[Below: Macduff (Michael Brandenburg, in military uniform) is surrounded by the refugees from the wars; edited image, based on a Karli Cadel photograph, courtesy of the Glimmerglass Festival.]


We see Macbeth before us as an ambitious man of power, not unlike similar persons of our modern age. He is already driven by his inherent ambition.  The witches only verbalize his subconscious thoughts.

He is tempted by those who know of his ambition to act upon it.  First the witches (or “women of prophecy” as I would describe them) and then Lady Macbeth push him to do so.  We then observe his psychological deterioration that begins as soon as he has committed the murder, ending with his death.

Macbeth’s Lady is resolute in support of her husband even after he has lost his nerve, and attempts to cover up or explain away Macbeth’s mental instability. That responsibility is too much for her, and she succumbs to her fate – her death reported, but how it happened, unknown to us.

In one of Bogart’s brilliant strokes, several of the “women of prophecy” are ghostly figures around whom Lady Macbeth sleepwalks in her final scene.

[Below: Lady Macbeth (Melody Moore, front left) appears to wash her hands as she sleepwalks among the apparitions of women of prophecy; edited image, based on a Dory Schultz photograph, courtesy of the Glimmerglass Festival.]


One should not underestimate the complexity of the “women of Prophecy” roles as conceived by Bogart. In addition to their appearances in the witch scenes, the twelve artists divided up responsibilities for other places where Verdi called for female voices – some for the banquet scene and the final scene in which the forces at war against Macbeth’s rule are victorious – as well as non-singing assignments devised by Bogart, such as the Macbeths’ household servants.

These twelve “women of prophecy” were sung by New York soprano Tracy Allen, Texas soprano Vanessa Becerra, Canadian mezzo-soprano Julia Dawson, Connecticut mezzo-soprano Allegra De Vita (who also sang Fulvio in “Cato in Utica”), Georgia soprano Jasmine Habersham (who also sang Papagena in “The Magic Flute”), Virginia soprano Courtney Johnson, New York soprano Joelle Lachance, South Korean coloratura soprano So Young Park (who also sang the Queen of the Night in “The Magic Flute”), Illinois mezzo-soprano Zoie Reams, California soprano Megan Samarin (who also sang Emilia in “Cato in Utica”), New York soprano Yolanda Sharpe and New York mezzo-soprano Lydia Walrath.)

[Below: Macduff (Michael Brandenberg, center, kneeling beside corpse) and Malcolm (Marco D. Cammarota, standing above Macduff) express their horror at the murder that has just been discovered; edited image, based on a Dory Schultz photograph, courtesy of the Glimmerglass Festival.]


The Dramatic Potential of “Early Verdi” Operas

The dramatic reputation of Wagner’s music dramas and of the later Verdi operas “Aida”, “Otello” and “Falstaff” had a negative impact for several decades on the reputation of Italian operatic works from the first half of the 19th century.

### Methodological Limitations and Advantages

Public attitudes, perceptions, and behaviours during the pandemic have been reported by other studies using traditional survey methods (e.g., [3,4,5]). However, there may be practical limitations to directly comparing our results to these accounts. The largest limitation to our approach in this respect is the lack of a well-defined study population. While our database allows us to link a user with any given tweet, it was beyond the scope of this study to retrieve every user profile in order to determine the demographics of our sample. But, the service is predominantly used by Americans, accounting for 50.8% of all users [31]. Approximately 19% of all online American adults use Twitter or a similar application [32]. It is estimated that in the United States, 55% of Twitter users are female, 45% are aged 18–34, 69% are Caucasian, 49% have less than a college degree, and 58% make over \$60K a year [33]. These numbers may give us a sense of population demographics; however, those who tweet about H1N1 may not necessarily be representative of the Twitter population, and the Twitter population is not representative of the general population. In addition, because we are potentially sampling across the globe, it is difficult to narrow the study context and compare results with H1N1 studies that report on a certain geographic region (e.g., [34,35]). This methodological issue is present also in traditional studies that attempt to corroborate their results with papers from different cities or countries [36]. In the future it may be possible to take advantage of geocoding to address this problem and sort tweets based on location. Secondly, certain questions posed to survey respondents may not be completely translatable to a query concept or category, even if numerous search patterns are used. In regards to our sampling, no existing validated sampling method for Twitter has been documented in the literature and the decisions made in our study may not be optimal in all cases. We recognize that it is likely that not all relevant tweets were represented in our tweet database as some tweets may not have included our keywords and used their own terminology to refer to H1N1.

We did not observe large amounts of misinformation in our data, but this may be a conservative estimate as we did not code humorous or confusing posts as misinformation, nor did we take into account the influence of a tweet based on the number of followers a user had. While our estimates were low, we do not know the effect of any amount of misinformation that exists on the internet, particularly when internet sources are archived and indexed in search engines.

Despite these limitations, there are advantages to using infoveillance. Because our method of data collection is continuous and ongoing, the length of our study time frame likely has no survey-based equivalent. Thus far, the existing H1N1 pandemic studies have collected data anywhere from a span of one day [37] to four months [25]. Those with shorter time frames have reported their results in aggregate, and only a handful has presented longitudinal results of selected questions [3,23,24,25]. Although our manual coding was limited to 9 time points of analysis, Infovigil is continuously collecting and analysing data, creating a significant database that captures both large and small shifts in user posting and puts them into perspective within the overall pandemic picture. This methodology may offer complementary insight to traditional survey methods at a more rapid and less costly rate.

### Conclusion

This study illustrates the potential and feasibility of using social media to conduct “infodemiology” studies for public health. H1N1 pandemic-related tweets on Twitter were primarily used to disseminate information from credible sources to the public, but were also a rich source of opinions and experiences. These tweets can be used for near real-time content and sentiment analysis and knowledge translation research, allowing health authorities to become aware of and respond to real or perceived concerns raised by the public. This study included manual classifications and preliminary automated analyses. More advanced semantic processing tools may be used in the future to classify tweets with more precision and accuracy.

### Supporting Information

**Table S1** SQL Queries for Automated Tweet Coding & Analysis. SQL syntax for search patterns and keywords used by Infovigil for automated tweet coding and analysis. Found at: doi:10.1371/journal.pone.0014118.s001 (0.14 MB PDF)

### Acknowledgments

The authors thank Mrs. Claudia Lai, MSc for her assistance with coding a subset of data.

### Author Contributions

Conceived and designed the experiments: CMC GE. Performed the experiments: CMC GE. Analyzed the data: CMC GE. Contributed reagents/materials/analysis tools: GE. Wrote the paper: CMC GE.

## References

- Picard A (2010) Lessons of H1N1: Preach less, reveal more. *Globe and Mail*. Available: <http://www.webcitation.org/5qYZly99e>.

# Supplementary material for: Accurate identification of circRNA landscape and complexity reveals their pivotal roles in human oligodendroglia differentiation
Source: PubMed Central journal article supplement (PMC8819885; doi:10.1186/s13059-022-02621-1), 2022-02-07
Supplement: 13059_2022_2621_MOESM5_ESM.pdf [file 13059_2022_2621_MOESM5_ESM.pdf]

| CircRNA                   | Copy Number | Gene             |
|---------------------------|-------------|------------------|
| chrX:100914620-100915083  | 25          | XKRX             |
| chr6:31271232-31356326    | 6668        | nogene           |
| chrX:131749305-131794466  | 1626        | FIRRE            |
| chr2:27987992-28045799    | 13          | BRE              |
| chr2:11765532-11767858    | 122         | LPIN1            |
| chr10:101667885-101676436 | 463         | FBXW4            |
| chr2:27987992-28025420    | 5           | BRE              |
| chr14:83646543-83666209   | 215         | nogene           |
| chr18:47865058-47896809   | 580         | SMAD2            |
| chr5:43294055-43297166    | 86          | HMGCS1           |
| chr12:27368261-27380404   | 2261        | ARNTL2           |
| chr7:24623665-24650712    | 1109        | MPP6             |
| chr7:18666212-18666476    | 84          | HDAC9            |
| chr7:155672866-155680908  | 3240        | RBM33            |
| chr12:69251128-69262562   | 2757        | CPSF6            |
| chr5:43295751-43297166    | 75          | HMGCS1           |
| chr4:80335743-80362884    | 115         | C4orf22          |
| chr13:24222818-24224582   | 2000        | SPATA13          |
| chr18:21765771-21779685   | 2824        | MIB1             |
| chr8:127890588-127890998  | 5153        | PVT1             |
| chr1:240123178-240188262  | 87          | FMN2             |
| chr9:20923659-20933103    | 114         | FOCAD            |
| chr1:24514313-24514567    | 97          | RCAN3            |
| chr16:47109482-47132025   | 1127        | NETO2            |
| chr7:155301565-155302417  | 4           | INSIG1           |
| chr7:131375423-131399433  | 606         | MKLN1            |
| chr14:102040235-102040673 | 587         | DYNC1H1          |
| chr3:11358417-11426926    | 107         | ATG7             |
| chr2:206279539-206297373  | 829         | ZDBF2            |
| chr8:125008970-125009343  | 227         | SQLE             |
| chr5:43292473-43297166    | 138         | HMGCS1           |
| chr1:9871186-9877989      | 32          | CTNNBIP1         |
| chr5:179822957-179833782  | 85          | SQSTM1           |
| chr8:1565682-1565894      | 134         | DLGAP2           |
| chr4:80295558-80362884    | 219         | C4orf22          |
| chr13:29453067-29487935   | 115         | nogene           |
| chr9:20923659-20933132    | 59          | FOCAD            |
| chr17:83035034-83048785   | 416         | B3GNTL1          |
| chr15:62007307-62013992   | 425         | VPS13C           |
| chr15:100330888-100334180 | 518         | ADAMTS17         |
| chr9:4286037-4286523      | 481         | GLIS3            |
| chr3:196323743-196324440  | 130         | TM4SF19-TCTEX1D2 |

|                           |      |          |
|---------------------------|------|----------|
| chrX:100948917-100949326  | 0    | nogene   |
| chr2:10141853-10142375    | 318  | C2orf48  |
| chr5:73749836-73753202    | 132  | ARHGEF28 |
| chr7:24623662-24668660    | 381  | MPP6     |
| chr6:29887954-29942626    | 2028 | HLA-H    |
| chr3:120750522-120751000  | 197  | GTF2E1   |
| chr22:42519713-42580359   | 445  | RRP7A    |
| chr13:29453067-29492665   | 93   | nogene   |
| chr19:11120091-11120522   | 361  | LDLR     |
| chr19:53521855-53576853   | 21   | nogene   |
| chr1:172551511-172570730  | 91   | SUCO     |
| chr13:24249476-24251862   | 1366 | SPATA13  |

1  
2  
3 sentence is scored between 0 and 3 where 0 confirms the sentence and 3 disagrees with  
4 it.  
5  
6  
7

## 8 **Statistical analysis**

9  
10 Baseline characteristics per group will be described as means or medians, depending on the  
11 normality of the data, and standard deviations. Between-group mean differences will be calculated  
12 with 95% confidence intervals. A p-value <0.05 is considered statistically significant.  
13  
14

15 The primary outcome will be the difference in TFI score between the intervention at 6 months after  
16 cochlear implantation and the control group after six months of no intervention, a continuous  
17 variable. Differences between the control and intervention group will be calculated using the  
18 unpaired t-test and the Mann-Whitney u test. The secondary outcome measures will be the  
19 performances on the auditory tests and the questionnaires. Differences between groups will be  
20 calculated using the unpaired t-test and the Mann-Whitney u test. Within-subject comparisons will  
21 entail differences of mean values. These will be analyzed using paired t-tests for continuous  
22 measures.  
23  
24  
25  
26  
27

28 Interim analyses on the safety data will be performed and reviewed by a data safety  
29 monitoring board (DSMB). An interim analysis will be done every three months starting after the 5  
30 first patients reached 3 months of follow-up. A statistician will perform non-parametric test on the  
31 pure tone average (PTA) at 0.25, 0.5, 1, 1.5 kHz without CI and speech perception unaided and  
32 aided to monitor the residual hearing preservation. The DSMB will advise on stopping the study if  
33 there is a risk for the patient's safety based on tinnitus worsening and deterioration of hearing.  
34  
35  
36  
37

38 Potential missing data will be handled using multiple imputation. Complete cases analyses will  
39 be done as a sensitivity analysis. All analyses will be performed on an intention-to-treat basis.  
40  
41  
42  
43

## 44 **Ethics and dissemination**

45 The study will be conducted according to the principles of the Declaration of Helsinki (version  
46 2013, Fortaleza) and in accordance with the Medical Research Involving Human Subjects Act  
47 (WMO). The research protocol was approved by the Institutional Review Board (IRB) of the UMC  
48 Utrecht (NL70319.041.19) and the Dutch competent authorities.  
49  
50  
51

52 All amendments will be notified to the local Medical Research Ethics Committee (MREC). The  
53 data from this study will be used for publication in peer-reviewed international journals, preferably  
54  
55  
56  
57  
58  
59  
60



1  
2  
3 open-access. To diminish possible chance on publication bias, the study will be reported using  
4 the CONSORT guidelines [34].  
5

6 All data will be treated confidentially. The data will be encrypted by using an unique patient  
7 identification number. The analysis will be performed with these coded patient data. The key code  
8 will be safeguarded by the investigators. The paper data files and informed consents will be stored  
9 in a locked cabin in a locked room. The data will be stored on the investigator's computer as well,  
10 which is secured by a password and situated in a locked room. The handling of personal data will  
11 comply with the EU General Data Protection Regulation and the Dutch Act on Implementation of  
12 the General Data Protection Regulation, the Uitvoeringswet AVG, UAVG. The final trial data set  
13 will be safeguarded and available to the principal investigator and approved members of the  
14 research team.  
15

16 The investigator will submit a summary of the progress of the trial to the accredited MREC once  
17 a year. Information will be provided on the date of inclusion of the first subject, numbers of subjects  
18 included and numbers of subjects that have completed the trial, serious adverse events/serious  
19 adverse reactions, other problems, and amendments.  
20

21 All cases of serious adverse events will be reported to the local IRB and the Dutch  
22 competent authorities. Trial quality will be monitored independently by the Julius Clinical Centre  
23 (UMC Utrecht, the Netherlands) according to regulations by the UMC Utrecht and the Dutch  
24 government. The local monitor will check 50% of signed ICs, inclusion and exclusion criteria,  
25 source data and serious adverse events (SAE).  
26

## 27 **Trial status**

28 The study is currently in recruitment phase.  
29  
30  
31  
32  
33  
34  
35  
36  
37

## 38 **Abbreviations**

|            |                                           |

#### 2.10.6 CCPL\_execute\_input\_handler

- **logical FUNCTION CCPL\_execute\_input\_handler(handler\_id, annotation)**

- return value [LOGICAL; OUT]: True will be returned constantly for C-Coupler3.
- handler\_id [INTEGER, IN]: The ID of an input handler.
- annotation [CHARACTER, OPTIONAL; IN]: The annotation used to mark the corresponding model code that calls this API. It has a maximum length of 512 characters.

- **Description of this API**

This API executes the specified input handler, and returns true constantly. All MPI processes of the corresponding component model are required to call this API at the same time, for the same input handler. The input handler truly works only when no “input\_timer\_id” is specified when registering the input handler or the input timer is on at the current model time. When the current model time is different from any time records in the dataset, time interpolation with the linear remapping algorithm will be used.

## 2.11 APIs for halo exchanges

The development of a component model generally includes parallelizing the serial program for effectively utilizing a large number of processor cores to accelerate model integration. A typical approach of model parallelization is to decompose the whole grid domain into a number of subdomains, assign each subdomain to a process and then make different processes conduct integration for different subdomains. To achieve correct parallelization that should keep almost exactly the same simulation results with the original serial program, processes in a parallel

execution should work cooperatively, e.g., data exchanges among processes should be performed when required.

As late as a half-century ago, the prevailing critical opinion (and one that in some quarters still is encountered) was that Verdi’s early works were inferior – musically and dramatically – to his body of works written in the decades years between his “Rigoletto” and his “Falstaff”, and that such important predecessors of Verdi as Gaetano Donizetti, whom Verdi knew personally and whose work he admired, were ineffective as operatic dramatists.

I have argued the contrary, that Donizetti and Verdi produced operatic works during the 1830s and 1840s  that not only transformed the operatic genre [See Gaetano Donizetti: European Romanticism and The Pathway to Verdi], but produced melodic works of theatrical genius that can and should hold their own in the performance repertory of opera companies.

[Below: An apparition of Banquo’s son Fleance (Aiden Delaney, right center, dressed in white) wearing a king’s crown that would confirm the women’s prophecy alarms Macbeth (Eric Owens, far left); edited image, based on a Karli Cadel photograph, courtesy of the Glimmerglass Festival.]


I have argued as well that Donizetti’s operas have been revived in two stages – the first taking place beginning in the mid-20th century as show-pieces for the vocal virtuosity of several celebrity sopranos. The second stage actively involves directors, many from or influenced by legitimate theater, who are exploring the dramatic content inherent in many Donizetti pieces.

These include Donizetti’s often shrewd use of early 19th century operatic conventions, such as arias di sortita, cabalettas and concertati to enhance the story-telling. Verdi in his first dozen or so operas incorporated these operatic forms whose theatrical use Donizetti advanced.

One can find in Verdi’s later correspondence repudiation of operatic conventions he used to great effect in his early career, but Verdi’s disowning elements of his own earlier style does not mean that we need to ignore them nor fail to appreciate them.

The music contains such passion that even a concert version of an early Verdi work can sweep one along. How much deeper is the impact when accompanied by a dramatic presentation of Verdi’s story, directed by a person whose theatrical instincts can unlock what excited the composer, performers and audience at the work’s creation, and can translate that excitement to 21st century audiences?


I continue to recommend this cast and production, enthusiastically, both to the veteran opera and goer and the person new to opera.